time broadening still contributes to the measured lineshape,
producing smooth line shapes with no traces of substructure.
This structure, which is observed in the corresponding accep
tor anti-symmetric stretch, is expected from the triplet split
ting caused by donor – acceptor interchange tunneling. There
fore, we can use the measured linewidths to estimate the
excited-state lifetime for both isotopomers. For H2O, this
results in a lifetime of 80 ps 0.2 cm 1 , while for D2O the
lifetime increases from this by a factor of 40 to about 5 ns.
Characterizing the relative predissociation dynamics in
( H2O) 2 and ( D2O) 2 in detail would be a most interesting
As was the case for H2O clusters, we have not observed
the acceptor symmetric stretch. Studies of water clusters in
cryogenic matrices show that the symmetric stretch absorp
tion intensity is substantially weaker by about a factor of
10 than that of the anti-symmetric stretch.13,21 Considering
FIG. 5. a D2O cluster spectra as a function of source pressure. Scans are
taken at 10, 15, 25, 35, and 45 p.s.i. absolute pressure. Note to two upper
most pressure scans are plotted with the same offset to highlight the bulk
ice’’ feature that appears for the highest source pressure. b D2O cluster
spectra obtained with a constant source pressure 35 psia and increasing
concentration of water in the carrier gas.
the signal-to-noise with which we observe the anti
symmetric stretch,16 this reduction in intensity is suf ciently
large to explain its absence in the spectrum. Nevertheless,
the matrix results can be used to gain a good understanding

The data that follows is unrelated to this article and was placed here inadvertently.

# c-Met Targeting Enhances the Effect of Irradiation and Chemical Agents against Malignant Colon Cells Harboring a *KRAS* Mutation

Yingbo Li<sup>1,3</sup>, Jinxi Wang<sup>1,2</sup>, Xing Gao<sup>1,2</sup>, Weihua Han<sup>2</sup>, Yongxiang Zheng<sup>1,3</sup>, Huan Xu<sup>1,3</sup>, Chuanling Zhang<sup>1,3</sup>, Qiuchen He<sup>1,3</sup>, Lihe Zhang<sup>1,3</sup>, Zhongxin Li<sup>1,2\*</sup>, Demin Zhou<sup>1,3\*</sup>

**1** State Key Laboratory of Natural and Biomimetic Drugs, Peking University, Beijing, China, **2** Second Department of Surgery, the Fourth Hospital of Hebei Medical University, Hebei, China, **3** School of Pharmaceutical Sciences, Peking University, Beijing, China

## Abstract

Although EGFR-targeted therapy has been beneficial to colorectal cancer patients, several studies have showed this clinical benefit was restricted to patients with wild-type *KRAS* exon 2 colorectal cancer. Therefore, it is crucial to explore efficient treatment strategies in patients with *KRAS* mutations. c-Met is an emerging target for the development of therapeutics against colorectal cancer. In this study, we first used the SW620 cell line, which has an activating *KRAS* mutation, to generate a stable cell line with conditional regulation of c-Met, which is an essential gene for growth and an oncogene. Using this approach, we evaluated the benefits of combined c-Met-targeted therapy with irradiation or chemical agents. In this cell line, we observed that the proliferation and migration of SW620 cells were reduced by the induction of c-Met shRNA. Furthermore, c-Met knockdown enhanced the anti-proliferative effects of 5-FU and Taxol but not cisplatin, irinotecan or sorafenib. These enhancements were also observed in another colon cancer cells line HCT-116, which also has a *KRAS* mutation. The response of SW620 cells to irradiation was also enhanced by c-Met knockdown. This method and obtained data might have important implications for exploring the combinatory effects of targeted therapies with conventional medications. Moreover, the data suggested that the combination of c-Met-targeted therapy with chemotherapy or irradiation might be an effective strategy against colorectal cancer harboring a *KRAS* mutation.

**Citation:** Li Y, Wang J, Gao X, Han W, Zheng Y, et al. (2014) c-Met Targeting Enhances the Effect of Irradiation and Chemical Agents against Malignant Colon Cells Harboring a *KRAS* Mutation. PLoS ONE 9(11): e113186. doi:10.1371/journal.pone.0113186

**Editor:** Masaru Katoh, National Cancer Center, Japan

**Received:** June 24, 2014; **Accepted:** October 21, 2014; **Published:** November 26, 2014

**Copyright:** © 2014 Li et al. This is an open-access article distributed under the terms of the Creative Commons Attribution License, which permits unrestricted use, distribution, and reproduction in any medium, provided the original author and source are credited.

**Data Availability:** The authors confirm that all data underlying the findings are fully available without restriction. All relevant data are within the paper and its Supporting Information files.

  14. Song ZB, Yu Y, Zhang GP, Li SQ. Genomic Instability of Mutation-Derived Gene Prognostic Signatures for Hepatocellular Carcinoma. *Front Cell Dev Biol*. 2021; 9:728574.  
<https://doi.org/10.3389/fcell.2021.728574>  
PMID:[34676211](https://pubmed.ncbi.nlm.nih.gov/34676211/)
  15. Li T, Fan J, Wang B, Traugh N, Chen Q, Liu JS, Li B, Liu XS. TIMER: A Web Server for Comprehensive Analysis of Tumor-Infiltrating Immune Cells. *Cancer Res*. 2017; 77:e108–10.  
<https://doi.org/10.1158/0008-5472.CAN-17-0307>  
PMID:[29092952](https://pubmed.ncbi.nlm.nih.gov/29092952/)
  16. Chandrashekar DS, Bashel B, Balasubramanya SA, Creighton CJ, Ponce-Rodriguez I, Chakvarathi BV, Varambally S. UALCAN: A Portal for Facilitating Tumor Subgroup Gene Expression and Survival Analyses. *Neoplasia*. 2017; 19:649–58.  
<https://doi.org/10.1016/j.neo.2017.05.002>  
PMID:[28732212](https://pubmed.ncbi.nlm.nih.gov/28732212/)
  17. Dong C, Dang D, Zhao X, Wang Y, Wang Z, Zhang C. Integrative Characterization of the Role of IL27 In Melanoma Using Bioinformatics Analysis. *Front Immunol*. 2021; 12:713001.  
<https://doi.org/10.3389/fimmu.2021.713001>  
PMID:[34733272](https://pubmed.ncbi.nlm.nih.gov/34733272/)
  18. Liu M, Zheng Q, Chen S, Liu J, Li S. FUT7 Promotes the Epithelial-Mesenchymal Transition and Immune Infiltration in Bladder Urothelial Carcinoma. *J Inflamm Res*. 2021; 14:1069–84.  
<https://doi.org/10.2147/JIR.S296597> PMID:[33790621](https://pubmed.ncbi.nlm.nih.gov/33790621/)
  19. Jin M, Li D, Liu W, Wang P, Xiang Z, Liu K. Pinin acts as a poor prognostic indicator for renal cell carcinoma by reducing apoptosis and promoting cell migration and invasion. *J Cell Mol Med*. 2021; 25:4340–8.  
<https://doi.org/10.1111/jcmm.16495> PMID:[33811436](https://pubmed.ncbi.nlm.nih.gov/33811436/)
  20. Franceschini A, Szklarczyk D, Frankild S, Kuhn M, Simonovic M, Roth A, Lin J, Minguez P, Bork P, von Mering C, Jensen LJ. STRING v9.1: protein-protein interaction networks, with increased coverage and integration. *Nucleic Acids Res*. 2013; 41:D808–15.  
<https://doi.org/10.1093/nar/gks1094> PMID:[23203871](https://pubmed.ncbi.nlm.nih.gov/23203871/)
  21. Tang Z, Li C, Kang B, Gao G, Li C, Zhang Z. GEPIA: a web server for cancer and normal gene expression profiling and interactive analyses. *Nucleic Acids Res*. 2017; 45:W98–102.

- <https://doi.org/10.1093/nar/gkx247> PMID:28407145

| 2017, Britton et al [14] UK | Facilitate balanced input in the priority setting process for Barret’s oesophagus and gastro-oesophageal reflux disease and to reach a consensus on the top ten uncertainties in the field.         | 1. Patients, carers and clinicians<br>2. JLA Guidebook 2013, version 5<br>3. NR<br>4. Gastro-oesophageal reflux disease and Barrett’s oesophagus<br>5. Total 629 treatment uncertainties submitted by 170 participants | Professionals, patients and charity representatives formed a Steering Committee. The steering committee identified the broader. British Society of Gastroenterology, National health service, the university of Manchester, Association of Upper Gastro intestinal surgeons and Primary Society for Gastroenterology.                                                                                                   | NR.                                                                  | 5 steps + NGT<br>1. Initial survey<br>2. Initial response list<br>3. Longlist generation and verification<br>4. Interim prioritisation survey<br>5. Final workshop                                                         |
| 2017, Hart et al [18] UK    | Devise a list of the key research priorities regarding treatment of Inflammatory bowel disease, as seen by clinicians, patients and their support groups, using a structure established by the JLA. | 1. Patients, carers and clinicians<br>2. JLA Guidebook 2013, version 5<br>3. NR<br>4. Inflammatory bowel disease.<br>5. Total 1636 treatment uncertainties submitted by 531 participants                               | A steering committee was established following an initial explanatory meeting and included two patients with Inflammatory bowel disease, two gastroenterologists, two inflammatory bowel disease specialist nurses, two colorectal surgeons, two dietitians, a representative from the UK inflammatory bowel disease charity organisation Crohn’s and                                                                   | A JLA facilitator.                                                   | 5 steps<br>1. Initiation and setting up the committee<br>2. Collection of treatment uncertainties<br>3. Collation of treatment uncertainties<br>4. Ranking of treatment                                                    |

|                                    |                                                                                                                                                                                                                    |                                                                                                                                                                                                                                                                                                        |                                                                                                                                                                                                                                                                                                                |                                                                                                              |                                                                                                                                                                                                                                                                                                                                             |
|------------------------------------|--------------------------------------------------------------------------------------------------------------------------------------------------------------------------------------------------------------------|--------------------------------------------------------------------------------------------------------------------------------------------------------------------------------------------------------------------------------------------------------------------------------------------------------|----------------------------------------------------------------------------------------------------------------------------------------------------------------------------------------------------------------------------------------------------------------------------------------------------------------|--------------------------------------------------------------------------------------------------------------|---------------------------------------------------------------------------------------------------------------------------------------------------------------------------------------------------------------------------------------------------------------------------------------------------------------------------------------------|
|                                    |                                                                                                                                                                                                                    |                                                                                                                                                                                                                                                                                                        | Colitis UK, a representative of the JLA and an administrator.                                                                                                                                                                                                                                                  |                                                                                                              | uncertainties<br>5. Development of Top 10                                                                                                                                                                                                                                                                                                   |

of where the band is likely to be located in the gas phase.
The presence of the matrix induces a remarkably uniform
red-shift of 17 cm 1 from the corresponding the gas phase
frequencies, regardless of cluster size Fig. 4 . This locates
the missing gas phase band near 2680 cm 1.
B. Cyclic clusters: n 3 – 5
A close inspection of the absorption bands of the small
cyclic clusters generated at low expansion temperatures re
veals a number of subtle features. Most notably, both the
trimer and tetramer peaks show partially resolved shoulders.
In both cases, the variation of this structure with changes in
water concentration Fig. 5 b indicates that these belong to
the same cluster as the adjacent dominant peak. For the tri
mer, the shoulder appears at lower frequency relative to the
main peak. While a very similar feature is also clearly ob
served in matrix isolation studies Fig. 4 b ab initio MP2
calculations 20 22 predict two IR active bands separated by 6
cm 1, with the weaker band by 8% at higher energy.
This is interesting because ( H2O) 3 exhibits a partially
resolved blue-shifted feature Fig. 4 a , which is in better
agreement with theory.14 Both features in H2O spectrum
were established as trimer bands by the recent work of
Huisken and co-workers, wherein gaseous free water
clusters8 and water clusters embedded in large liquid helium
clusters23 were examined. They observe a 13 cm 1 splitting
for ( H2O) 3 embedded in helium nanomatrices,’’ while the
gaseous cluster band showed a signi cant broadening that
shaded toward higher frequency. We nd a splitting of 11
cm 1, which agrees well with the previous results, including
MP2 calculations,14 which predict two IR-active bands split
by 9 cm 1, with a third, primarily Raman-active transition
red-shifted by an additional 60 cm 1. However, theory pre
dicts the two IR-active modes should have roughly equal
intensity. This agrees only marginally with the experimental